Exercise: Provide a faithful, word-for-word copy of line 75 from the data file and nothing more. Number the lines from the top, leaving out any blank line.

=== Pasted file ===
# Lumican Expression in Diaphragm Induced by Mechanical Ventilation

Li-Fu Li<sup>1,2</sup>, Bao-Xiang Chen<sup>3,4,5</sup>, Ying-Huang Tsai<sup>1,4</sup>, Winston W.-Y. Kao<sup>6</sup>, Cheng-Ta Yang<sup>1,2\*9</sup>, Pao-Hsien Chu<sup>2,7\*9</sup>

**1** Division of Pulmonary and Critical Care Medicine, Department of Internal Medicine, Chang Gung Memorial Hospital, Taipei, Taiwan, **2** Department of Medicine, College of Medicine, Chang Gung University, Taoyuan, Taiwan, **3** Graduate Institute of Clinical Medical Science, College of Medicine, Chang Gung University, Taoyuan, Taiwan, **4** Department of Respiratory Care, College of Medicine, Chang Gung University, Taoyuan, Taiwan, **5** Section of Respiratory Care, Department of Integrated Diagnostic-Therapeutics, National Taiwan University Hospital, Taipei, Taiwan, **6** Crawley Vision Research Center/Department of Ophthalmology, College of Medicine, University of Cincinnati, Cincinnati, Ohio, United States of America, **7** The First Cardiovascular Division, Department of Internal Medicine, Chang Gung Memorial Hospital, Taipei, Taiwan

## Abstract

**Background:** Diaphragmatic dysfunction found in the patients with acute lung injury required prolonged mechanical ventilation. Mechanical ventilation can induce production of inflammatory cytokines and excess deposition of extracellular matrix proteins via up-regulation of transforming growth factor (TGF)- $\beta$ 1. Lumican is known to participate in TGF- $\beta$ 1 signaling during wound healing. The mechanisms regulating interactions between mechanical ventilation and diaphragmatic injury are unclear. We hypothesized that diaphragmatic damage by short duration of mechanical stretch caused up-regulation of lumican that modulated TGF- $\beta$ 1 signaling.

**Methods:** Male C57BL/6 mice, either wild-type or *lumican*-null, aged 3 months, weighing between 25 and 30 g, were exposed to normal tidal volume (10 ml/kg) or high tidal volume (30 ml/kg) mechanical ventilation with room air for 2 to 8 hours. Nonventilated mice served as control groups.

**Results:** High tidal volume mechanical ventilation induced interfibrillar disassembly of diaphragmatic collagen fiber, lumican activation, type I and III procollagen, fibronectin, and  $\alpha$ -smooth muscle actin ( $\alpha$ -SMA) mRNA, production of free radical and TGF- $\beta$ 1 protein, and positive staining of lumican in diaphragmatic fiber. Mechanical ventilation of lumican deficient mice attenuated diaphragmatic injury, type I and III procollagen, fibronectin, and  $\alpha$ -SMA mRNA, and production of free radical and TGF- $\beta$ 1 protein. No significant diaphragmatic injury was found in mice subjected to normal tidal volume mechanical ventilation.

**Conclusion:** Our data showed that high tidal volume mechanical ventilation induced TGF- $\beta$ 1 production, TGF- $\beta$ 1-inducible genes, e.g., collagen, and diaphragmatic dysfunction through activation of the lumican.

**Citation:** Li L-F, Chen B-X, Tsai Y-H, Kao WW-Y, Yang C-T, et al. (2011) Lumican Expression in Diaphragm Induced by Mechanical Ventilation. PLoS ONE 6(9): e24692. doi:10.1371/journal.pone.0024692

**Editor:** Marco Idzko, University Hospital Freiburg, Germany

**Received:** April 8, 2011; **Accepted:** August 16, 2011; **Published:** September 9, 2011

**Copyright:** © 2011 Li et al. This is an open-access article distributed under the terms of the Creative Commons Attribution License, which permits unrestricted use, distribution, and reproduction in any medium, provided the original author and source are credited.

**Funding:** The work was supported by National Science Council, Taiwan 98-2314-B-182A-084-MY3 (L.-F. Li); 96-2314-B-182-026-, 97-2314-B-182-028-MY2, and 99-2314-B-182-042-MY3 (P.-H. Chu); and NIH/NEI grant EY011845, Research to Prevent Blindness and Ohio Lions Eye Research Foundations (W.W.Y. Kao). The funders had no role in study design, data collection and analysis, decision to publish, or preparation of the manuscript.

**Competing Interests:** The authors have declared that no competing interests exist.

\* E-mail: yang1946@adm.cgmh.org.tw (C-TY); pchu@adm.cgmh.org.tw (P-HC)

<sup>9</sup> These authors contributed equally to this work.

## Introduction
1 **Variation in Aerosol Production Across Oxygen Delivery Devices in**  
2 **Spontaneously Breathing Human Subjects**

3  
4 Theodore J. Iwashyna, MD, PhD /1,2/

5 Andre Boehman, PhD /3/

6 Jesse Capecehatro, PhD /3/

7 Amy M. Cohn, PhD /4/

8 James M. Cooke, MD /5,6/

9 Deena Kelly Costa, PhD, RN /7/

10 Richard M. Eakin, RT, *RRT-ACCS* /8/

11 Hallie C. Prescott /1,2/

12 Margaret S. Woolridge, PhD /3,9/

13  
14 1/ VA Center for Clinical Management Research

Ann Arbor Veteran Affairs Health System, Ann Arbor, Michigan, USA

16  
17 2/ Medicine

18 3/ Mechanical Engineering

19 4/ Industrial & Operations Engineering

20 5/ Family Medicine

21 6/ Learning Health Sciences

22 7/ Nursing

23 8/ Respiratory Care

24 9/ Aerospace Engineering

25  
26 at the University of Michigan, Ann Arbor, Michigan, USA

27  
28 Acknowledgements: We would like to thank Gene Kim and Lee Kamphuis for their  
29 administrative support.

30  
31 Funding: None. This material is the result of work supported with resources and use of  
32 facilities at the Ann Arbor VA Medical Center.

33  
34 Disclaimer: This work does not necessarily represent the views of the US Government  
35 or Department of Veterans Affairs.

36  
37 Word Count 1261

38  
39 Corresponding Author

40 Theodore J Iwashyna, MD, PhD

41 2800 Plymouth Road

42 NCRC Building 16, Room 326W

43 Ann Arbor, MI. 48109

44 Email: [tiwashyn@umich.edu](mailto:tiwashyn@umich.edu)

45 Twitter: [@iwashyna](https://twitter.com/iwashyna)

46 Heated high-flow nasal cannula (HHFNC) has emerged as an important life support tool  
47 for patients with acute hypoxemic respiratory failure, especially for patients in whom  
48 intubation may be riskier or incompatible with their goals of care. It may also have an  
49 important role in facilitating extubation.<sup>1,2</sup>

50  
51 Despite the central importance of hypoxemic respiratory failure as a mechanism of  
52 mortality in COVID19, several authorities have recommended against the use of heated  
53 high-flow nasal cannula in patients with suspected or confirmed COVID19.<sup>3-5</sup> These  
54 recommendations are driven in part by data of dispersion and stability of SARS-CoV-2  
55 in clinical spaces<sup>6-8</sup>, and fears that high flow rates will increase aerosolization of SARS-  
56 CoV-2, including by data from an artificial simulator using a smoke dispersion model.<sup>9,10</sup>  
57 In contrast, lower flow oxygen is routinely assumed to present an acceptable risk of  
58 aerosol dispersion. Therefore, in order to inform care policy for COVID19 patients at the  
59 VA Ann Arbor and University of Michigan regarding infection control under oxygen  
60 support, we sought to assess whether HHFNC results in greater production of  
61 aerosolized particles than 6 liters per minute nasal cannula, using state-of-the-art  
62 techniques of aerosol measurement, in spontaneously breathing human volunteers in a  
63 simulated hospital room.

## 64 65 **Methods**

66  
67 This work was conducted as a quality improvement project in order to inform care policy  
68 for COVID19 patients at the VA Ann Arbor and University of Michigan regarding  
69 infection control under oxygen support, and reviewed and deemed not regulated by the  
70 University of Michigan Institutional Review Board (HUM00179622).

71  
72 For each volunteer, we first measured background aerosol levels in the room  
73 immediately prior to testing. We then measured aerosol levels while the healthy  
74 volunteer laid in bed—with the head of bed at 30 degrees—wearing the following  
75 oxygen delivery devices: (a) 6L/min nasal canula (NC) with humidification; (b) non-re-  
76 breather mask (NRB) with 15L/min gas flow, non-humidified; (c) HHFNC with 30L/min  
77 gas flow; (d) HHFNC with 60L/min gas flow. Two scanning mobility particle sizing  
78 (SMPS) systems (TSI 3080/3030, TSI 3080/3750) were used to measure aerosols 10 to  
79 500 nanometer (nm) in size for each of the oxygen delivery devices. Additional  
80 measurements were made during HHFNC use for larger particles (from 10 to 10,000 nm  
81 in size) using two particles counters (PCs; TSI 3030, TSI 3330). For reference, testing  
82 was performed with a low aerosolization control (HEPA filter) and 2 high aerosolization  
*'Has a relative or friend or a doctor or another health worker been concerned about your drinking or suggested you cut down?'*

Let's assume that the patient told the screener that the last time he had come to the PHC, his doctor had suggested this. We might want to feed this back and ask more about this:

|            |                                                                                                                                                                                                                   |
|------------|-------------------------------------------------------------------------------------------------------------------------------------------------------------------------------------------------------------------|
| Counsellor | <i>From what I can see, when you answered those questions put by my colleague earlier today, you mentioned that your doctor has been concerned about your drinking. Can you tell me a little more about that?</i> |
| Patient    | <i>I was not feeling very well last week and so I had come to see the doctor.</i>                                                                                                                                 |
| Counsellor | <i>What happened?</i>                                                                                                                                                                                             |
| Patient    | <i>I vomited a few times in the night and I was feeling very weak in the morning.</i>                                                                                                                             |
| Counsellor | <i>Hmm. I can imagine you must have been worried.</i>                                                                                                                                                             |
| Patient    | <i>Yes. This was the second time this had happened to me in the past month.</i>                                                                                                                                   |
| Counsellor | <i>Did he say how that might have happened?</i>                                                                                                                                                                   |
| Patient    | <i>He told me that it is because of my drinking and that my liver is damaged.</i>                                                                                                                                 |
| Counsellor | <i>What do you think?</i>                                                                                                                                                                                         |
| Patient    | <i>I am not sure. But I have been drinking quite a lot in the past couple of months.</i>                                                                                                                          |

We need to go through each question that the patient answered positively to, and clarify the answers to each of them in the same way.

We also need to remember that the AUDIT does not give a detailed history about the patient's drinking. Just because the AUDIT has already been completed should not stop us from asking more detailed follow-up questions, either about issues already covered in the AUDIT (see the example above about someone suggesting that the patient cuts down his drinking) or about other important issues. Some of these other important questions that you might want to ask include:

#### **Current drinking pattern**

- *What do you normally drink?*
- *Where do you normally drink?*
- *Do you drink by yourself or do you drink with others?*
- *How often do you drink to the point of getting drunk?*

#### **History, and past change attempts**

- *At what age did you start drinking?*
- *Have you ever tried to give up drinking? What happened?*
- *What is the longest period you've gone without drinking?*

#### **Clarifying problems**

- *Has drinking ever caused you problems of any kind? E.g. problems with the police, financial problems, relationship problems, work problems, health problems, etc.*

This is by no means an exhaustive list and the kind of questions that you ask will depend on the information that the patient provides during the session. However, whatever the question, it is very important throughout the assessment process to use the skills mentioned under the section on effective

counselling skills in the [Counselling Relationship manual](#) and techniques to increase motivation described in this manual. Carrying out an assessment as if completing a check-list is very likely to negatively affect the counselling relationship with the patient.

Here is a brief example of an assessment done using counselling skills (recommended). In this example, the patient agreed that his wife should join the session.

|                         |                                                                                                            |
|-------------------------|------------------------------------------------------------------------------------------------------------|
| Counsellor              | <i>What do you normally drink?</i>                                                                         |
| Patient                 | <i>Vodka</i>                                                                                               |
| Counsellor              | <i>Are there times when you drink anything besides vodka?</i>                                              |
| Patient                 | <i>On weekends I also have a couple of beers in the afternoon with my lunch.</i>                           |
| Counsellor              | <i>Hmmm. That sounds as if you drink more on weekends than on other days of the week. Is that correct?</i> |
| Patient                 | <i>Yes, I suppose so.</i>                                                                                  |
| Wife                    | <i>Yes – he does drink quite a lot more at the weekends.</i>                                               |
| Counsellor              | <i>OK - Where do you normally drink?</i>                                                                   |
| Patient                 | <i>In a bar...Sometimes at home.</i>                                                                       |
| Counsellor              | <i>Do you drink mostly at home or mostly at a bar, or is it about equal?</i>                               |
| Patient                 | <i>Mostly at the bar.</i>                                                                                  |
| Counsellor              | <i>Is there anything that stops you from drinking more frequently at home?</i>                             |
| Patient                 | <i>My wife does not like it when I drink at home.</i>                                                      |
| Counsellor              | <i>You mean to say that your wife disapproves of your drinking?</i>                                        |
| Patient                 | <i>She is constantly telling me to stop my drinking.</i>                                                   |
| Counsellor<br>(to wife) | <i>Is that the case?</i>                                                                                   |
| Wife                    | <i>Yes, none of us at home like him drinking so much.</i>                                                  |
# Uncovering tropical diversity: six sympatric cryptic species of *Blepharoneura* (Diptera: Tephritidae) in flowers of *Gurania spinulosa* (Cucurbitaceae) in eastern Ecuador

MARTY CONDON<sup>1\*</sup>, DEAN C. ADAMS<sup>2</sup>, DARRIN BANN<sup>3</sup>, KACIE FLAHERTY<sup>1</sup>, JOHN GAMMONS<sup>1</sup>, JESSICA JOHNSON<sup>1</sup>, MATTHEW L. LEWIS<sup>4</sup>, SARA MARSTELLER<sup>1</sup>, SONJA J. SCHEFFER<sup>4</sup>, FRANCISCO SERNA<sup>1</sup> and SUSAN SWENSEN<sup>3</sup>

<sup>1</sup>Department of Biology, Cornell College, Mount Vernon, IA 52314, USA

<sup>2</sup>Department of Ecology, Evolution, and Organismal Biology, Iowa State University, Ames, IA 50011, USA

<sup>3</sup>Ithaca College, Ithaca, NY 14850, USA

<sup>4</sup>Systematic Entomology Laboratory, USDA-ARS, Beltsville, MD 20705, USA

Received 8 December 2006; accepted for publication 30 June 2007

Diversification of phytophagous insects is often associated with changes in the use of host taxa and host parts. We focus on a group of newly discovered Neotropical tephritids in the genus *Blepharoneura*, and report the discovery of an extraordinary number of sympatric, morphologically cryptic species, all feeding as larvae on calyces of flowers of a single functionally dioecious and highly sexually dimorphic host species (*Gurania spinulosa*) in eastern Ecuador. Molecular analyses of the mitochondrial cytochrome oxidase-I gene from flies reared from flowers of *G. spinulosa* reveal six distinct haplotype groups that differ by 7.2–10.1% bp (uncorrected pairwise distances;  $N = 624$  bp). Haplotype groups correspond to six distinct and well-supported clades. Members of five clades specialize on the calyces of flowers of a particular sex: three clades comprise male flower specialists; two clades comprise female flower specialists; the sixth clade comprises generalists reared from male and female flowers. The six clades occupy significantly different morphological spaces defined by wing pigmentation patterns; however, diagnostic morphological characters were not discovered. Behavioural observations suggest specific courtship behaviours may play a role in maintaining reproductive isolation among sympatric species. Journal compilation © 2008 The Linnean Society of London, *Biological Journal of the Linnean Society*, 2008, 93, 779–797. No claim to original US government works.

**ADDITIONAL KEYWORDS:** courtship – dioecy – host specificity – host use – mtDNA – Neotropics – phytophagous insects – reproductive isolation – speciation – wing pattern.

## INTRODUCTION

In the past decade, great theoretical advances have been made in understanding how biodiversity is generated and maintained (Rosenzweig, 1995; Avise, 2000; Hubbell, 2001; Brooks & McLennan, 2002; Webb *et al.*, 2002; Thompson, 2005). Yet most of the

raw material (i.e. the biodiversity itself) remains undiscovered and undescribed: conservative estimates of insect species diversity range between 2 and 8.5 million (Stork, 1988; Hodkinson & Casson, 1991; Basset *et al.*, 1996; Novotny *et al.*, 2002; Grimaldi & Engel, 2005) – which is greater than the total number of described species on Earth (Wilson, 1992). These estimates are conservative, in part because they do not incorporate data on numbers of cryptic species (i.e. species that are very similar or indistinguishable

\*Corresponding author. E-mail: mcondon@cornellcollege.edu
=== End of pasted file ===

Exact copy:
58 aerosol dispersion. Therefore, in order to inform care policy for COVID19 patients at the  